It’s mechanics are subtle and help to progress the story. One of my favourites is the simple jigsaw puzzles that are a metaphor for the sentences we construct while talking to our partner. Initially there are many pieces and we put them together slowly or clumsily like on a first date but as you feel more comfortable it’s much easier so the pieces you have to connect grow larger and there are fewer until it’s so natural you don’t have to connect anything at all and the game uses a single piece you simply move into place.

Two train rides home is all it took for me to complete what could easily be my game of the year.

For a lot of people Florence wont be a “game”. They’ll take one look and dismiss it as a story you occasionally push a button or flick to the next page and they’re entitled to think that but I’d argue them wrong. For me, its interactive nature and subtle game mechanics very much prove it so, which because of its medium is a hundred times more emotive and engrossing than any story could be.

Florence from Mountains is available for iOS via the App Store for A$4.49 now.

I have never played Shadow of the Colossus before.

Phew… ok, it’s out now. You all know that I’ve been living a lie as a gamer and games journalist for years now and I have zero credit.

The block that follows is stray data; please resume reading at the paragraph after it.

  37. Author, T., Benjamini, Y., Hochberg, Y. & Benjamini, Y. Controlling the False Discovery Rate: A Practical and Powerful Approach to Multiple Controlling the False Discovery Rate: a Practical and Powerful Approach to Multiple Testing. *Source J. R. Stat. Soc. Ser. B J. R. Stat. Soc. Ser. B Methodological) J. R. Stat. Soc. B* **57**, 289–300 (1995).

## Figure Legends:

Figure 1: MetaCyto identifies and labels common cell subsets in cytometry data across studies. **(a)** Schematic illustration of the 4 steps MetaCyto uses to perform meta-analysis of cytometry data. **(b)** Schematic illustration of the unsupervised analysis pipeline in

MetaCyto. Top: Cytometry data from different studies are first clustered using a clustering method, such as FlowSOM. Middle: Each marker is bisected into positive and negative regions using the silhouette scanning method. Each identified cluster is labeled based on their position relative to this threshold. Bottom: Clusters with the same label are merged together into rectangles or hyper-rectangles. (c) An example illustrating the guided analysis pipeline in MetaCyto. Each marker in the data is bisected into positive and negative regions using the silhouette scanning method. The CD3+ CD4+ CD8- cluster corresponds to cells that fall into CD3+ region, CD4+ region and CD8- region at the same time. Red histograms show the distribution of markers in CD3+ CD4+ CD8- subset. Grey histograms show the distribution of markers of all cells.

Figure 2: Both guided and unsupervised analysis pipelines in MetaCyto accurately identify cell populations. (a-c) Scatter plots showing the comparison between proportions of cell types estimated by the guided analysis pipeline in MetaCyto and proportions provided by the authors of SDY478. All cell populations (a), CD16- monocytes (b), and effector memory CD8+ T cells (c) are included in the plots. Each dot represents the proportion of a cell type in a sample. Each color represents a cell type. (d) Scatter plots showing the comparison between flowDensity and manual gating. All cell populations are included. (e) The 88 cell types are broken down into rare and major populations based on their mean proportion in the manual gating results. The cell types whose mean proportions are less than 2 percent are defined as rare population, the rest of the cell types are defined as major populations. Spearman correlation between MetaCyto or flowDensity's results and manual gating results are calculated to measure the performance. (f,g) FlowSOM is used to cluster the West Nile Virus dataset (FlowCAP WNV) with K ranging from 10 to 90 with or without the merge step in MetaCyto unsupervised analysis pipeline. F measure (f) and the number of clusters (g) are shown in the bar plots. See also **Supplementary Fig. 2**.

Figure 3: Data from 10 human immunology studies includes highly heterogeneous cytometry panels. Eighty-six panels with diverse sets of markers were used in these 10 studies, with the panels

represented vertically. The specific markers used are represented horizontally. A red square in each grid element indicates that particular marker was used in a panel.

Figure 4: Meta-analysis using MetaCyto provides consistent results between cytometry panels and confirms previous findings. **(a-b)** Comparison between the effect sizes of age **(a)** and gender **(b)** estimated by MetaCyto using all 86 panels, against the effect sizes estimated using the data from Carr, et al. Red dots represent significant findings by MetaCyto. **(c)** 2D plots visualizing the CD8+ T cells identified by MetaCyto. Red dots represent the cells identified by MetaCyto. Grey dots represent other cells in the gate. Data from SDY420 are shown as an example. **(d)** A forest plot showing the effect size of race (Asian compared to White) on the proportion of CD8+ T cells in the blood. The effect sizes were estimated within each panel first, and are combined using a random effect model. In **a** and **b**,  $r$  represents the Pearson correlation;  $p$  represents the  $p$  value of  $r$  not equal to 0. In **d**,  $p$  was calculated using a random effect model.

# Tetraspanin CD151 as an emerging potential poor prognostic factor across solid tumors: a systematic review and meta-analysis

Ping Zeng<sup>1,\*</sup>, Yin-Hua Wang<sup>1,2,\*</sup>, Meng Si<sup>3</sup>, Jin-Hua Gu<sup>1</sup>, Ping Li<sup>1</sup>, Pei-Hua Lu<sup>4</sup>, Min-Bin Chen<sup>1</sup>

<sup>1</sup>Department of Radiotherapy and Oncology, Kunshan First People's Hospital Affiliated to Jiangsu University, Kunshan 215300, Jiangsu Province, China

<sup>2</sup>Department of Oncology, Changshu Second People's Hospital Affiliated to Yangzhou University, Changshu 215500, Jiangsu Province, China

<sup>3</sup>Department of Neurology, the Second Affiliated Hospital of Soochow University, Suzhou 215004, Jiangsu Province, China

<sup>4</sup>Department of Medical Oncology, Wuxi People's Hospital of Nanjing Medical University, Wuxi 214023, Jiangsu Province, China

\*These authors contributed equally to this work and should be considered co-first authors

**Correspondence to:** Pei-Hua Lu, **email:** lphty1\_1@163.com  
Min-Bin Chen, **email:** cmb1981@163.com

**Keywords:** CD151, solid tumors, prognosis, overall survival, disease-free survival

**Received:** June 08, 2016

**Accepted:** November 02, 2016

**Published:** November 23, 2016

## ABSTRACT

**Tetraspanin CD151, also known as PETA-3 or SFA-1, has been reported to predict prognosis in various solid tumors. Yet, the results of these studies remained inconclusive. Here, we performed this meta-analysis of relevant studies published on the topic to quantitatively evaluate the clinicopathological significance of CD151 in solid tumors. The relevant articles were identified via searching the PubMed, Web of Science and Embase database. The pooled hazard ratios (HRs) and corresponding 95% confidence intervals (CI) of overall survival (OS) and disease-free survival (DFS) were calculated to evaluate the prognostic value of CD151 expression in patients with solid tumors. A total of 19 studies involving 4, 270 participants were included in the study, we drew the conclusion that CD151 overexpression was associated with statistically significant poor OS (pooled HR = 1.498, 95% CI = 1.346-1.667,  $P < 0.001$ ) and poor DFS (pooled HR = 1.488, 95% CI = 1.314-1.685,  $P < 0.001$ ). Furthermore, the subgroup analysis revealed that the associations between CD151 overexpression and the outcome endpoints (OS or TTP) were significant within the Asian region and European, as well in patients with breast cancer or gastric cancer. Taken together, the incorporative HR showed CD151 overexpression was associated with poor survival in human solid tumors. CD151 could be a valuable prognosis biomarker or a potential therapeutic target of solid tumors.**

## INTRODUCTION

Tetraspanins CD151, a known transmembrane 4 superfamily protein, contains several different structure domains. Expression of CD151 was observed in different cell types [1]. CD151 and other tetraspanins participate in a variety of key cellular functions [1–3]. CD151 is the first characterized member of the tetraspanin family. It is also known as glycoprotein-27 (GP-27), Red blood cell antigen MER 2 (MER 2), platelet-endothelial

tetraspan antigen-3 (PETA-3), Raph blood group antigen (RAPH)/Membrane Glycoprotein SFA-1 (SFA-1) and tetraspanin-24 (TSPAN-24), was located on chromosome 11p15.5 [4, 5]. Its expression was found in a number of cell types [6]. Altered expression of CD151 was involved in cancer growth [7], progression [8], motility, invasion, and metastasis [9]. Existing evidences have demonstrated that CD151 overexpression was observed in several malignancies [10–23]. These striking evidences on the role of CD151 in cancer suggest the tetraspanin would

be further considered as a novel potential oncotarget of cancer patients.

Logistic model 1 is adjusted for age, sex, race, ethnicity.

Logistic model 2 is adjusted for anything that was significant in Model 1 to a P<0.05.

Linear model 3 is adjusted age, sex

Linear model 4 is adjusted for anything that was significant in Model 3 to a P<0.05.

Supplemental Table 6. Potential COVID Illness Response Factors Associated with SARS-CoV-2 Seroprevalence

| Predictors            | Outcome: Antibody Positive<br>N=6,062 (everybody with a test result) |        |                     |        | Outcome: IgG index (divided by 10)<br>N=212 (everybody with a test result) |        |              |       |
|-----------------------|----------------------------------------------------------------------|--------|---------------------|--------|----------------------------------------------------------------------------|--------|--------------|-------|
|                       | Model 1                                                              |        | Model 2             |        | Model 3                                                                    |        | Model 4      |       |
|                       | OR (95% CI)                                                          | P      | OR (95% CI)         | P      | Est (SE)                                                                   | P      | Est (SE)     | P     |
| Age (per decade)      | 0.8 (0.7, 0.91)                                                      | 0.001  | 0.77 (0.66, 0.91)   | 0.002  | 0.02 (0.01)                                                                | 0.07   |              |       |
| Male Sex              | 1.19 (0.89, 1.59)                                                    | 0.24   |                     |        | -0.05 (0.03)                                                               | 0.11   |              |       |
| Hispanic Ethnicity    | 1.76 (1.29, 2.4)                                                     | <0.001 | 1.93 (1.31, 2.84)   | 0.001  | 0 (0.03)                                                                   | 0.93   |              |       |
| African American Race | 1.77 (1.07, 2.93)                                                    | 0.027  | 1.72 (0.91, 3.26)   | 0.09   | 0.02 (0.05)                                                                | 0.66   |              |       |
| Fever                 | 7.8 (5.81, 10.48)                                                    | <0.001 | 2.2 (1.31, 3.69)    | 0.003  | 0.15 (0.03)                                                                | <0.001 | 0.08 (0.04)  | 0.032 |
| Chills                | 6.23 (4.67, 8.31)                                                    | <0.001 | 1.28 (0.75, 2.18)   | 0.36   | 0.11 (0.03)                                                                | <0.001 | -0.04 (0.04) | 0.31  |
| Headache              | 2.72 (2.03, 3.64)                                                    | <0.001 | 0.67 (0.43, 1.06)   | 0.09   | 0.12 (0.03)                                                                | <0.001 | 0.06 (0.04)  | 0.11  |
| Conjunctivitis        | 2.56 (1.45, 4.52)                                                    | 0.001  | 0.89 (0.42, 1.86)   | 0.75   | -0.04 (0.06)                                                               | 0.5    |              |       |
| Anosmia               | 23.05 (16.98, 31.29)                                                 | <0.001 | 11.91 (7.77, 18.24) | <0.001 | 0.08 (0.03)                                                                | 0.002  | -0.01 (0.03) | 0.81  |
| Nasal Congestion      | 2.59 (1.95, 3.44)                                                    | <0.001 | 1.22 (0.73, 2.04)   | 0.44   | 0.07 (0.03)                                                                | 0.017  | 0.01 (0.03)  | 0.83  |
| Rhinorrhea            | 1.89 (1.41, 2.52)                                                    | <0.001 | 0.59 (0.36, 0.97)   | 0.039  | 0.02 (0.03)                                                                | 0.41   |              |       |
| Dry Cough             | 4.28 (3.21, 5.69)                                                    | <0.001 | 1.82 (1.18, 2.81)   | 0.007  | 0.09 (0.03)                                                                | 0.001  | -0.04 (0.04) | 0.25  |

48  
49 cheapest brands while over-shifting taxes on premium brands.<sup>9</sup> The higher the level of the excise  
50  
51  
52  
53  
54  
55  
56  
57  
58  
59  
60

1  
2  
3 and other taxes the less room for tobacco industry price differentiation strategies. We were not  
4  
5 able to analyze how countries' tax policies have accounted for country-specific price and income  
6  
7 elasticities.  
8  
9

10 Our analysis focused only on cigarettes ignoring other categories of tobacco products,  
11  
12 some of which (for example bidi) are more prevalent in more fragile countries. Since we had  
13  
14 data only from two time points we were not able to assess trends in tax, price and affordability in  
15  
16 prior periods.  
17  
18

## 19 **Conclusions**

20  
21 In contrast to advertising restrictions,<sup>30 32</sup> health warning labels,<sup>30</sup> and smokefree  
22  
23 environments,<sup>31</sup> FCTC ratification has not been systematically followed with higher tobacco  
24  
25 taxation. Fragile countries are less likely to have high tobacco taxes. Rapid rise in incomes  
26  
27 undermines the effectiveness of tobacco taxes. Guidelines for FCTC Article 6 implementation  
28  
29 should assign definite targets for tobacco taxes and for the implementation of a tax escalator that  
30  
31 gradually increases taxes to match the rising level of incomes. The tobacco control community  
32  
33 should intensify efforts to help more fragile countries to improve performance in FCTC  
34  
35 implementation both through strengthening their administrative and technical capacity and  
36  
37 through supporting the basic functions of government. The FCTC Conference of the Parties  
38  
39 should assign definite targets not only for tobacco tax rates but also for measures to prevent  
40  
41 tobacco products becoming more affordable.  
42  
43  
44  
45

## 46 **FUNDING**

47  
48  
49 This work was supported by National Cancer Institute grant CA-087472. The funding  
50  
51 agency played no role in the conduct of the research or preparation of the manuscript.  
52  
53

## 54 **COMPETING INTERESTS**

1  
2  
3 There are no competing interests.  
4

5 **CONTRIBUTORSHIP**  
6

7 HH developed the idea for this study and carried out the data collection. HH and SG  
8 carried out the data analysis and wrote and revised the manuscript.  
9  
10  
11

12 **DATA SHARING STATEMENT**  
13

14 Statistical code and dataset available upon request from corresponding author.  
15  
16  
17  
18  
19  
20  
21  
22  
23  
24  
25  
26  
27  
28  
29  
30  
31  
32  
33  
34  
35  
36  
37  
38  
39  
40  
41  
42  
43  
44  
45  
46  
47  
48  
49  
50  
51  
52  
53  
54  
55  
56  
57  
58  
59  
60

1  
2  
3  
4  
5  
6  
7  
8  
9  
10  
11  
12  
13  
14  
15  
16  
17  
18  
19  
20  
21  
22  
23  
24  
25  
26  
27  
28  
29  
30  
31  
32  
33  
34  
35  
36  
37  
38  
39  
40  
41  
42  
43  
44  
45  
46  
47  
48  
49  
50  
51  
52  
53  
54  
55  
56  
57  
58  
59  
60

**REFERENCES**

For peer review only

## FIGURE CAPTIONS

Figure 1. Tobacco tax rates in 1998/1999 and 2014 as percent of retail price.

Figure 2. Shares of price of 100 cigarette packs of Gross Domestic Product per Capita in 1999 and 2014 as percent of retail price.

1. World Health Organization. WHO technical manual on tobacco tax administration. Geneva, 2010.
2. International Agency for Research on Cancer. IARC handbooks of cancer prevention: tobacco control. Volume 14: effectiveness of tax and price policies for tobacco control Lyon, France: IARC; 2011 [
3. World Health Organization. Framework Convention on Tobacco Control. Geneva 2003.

Thankfully, Sony decided to enlist Japan Studio & Bluepoint to take the PS2 classic and completely recreate it from the ground up for the PS4 & PS4 Pro, meaning that I can now play it and regain what little dignity I have left.

As you’ll see in the play through the game certainly isn’t without its frustrations but it’s easy to see just how beautiful and engrossing the world is and must’ve been back when it was first released.

For those of you not particularly interested in watching me play through an hour’s worth, the video follows the same format as other “Raj plays…” with an intro, gameplay and my final thoughts. You can of course skip directly to those should you wish, coming in at the 49 minute mark.

Shadow of the Colossus is available now for PS4 & PS4Pro.

Sea of Thieves has been one of Microsoft’s tentpole showings at industry events like E3 and Gamescom for well on two years now.